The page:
If you’ve considered going to graduate school in history, come to a History Graduate School Panel discussion on Tuesday (2/23) at 7:00 pm in Griffin 7. Professors Dubow, Fishzon, and Kittleson will speak about their own graduate school experiences, and will answer any questions you might have.
Good stuff. Kudos to the professors involved for taking the time to participate. Comments:
In fact, I tell them the academic job market is horrible, has been bad for a long, long time, and is getting worse. I tell them that getting a job like the one I have is unlikely. I tell them that they should go on for a Ph.D. only if they truly love the learning, because that is something they will be certain to have for a lifetime, regardless of what job they find themselves with. And for some of them, that is what it is about. Love of learning, regardless of whether they get an ideal academic job.
My only quibble might be to clarify that a love of learning is not enough of a reason to justify graduate school in history. With the internet as your oyster, you can pursue learning as much as your free time allows without going to graduate school.
2) Read Derek Catsam ’93:
[G]raduate students and those looking at entering this competitive world need to be cognizant of the realities. If you are planning to enter a field like, say, US history, it is probably incumbent upon you to know the odds. Further, it seems to me that it is pretty irresponsible of those of us with the ability to advise students if we emphasize the great aspects of intellectual life within the academy and do not point out the reality — your odds of getting the PhD are smaller than you think, your odds of getting a job are slighter still, and your odds of getting tenure at a place yet smaller, and then all of this happening at a place you would otherwise choose to live? Infinitesimal.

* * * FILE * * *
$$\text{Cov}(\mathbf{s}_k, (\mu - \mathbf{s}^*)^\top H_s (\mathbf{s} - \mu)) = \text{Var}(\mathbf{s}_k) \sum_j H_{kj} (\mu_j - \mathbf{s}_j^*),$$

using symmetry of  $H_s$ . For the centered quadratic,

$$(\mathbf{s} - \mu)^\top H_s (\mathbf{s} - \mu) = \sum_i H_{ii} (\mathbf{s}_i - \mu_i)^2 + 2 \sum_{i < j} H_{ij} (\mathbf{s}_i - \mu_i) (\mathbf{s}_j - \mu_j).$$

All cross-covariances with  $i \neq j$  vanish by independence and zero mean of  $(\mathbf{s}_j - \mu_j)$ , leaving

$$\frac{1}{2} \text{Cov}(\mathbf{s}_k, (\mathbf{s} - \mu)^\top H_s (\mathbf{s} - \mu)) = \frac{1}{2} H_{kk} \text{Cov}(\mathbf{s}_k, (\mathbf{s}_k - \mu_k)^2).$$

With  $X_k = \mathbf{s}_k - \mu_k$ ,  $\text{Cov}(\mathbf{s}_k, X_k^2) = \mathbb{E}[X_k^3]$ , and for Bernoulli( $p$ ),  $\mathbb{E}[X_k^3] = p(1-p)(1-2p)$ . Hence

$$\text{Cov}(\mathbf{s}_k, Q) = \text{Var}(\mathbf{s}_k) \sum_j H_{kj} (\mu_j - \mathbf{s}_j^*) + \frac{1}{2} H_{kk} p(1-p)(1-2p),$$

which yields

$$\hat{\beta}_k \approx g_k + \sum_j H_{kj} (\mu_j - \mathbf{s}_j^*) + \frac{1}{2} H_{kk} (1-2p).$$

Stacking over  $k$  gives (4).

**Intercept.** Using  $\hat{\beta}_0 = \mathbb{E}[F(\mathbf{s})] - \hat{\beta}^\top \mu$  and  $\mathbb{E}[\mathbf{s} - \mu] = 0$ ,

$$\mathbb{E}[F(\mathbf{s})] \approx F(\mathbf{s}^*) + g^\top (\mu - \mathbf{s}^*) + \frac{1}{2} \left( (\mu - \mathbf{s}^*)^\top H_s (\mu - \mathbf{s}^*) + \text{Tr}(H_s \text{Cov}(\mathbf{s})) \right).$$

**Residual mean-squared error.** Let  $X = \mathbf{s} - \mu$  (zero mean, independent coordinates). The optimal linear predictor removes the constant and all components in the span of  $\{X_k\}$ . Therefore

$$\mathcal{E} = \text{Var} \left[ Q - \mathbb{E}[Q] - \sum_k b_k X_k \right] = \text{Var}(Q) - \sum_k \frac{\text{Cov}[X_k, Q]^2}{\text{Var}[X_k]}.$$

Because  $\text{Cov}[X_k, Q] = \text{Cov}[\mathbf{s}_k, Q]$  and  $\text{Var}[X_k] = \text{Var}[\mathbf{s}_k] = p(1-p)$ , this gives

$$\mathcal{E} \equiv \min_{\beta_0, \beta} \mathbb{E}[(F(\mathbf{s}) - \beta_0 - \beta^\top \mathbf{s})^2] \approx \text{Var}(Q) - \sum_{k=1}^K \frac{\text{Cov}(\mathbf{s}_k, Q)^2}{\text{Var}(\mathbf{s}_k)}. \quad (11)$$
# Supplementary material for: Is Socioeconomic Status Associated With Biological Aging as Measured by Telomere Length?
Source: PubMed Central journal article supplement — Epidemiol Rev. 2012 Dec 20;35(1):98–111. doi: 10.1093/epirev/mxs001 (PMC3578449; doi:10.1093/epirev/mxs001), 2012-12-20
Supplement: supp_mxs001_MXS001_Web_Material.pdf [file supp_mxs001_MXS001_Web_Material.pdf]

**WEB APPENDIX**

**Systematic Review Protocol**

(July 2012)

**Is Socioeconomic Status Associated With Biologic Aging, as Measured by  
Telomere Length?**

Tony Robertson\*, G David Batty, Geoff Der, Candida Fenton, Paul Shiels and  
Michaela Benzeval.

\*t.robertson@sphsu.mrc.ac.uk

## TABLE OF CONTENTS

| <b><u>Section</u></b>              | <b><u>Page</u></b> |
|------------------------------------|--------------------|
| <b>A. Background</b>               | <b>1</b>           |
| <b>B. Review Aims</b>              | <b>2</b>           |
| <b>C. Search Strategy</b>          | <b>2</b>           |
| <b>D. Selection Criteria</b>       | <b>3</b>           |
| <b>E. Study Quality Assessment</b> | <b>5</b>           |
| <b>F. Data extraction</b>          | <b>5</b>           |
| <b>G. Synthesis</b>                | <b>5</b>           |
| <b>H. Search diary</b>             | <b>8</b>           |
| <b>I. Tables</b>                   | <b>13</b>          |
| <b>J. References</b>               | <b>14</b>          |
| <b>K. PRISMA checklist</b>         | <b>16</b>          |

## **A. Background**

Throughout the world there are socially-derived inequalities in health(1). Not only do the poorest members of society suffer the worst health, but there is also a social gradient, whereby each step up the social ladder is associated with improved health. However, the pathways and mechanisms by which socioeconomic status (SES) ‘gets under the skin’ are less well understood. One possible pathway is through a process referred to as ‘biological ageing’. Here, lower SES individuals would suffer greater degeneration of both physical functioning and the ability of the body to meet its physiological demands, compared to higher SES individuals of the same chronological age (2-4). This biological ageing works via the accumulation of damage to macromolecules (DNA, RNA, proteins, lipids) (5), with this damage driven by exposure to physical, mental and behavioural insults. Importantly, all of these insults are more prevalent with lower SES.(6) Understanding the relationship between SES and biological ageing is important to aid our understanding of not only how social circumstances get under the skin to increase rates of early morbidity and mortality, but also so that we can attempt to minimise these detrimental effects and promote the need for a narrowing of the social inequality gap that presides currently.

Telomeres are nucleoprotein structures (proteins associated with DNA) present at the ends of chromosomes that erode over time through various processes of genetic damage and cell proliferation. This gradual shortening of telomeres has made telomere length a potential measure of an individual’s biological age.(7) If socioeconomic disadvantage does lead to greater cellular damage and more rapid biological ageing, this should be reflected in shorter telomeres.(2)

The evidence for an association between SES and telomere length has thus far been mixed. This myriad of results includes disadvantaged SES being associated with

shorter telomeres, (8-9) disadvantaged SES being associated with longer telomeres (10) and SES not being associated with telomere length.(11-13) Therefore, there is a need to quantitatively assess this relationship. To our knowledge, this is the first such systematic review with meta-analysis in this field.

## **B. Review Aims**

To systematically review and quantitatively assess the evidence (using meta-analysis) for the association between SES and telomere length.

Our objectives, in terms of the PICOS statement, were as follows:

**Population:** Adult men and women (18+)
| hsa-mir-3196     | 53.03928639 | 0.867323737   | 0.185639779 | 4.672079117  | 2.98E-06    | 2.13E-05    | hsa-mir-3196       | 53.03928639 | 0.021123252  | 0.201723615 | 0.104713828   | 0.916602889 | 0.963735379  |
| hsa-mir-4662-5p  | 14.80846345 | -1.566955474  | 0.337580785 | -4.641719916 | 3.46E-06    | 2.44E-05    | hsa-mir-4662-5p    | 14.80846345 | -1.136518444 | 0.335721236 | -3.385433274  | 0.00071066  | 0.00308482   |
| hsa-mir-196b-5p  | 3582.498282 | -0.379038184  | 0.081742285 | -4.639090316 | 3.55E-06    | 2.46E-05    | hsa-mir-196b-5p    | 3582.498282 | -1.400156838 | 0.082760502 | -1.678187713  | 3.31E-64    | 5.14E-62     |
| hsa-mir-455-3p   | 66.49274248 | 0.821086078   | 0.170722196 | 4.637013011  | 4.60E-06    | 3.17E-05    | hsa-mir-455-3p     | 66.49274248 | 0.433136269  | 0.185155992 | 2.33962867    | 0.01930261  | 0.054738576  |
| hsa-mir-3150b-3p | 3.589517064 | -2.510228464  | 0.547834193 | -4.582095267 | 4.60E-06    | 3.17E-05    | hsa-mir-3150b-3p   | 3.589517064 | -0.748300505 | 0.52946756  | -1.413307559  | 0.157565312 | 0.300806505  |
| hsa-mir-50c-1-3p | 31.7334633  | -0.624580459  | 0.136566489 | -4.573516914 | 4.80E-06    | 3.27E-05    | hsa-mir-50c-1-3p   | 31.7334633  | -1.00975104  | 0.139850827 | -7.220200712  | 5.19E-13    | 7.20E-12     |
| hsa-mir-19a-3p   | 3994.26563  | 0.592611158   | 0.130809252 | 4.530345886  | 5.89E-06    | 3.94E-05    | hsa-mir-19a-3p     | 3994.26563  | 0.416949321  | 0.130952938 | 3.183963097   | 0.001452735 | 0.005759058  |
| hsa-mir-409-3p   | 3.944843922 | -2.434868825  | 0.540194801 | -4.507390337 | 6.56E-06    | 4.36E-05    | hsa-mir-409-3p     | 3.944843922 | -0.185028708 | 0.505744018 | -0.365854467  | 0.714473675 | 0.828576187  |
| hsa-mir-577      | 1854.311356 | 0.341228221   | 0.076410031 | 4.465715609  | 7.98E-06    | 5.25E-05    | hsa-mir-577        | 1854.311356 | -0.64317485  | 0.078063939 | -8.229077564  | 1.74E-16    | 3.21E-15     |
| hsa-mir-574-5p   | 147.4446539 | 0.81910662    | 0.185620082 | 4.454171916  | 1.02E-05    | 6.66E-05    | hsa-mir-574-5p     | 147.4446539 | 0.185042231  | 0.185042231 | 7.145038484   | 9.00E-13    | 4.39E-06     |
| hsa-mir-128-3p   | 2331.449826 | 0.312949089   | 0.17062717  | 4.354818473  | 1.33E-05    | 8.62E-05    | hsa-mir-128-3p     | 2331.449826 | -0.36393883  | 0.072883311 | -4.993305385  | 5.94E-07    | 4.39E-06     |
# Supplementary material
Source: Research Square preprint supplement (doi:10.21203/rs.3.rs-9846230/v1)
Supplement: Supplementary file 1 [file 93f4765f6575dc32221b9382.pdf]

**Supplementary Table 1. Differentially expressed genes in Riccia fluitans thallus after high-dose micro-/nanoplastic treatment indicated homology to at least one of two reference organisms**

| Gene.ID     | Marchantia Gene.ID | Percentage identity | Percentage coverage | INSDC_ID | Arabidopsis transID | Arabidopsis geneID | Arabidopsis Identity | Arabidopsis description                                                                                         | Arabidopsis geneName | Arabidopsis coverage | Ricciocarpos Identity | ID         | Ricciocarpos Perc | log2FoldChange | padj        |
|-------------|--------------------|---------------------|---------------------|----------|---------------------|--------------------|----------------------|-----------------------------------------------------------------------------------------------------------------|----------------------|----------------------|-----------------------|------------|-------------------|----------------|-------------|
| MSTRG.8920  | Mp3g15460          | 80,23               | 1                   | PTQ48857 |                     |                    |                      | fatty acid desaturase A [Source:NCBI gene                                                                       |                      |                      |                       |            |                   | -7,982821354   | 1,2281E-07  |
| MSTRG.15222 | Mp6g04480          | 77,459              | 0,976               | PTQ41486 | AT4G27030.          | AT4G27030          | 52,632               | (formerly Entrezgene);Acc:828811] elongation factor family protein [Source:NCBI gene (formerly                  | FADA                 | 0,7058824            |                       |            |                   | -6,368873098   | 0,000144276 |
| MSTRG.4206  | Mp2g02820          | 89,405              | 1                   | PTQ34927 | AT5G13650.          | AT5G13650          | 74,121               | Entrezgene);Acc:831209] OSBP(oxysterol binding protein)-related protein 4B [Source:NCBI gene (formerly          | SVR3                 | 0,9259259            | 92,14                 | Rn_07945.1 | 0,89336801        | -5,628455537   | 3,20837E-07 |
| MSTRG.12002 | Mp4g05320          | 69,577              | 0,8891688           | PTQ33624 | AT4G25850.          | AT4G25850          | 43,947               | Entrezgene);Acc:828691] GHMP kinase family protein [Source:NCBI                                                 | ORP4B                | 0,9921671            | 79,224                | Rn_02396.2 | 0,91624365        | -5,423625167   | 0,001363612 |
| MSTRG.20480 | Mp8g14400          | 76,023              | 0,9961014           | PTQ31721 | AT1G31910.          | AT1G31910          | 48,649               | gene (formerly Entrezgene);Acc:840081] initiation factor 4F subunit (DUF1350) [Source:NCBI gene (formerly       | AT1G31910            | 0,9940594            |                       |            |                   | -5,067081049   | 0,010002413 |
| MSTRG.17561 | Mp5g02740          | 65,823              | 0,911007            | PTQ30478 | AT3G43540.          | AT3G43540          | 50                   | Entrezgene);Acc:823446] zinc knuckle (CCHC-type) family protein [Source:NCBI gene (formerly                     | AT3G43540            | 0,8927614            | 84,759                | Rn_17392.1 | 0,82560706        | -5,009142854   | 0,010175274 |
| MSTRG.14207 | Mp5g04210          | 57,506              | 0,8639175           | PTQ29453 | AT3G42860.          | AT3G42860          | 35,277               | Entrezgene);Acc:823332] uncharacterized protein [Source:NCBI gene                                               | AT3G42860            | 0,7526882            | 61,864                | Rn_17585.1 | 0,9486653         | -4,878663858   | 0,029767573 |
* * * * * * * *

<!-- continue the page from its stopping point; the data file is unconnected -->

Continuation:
Should I go to graduate school?
Short answer: no.
Long answer: maybe, but only if you have some glimmering of what you are about to do to yourself. Undergraduates coming out of liberal arts institutions are particularly vulnerable to ignorance in this regard. …
Just don’t try graduate school in an academic subject with the same spirit of carefree experimention. Medical school, sure. Law school, no problem. But a Ph.D in an academic field? Forget it. If you take one step down that path, I promise you, it’ll hurt like blazes to get off, even if you’re sure that you want to quit after only one year.
Two years in, and quitting will be like gnawing your own leg off.
Past that, and you’re talking therapy and life-long bitterness.
Burke is right. I hope that the panelists tonight, whether or not they agree with Burke, make sure that students know what some historians believe. I worry that such an event might too easily generate into a “You are all smart Williams students who should dream big and live large!” Nothing wrong with that advice when a student asks if she should try a difficult upper-level seminar, but Ephs need a more reality-based answer when leaving the Purple Bubble. Around half the students in the class of 2010 who are going to graduate school in the humanities are making a mistake. Professor Sara Dubow is, no doubt, a wonderful, hard-working professor. But there is also a sense in which she won the lottery . . .
3) Key data would be a listing of all the Ephs who went to graduate school in history from, say, 1988 through 2000. Where are they now? What happened to them along the way? If there were 50, I bet that fewer than 40 made it to Ph.D., fewer than 20 got any tenure-track jobs at all, and fewer than 5 got tenure. How many got tenure at a place that pays as well as Williams? I don’t know. In fact, I have trouble coming up with many Eph historians of that era, other than our own Derek Catsam ’93, Sara Dubow ’91 and Eiko Maruko Siniawer ’97. Pointers welcome!
4) Know the odds and still want to go to graduate school? Good luck! My advice: Marry a doctor. Worked for me! ;-)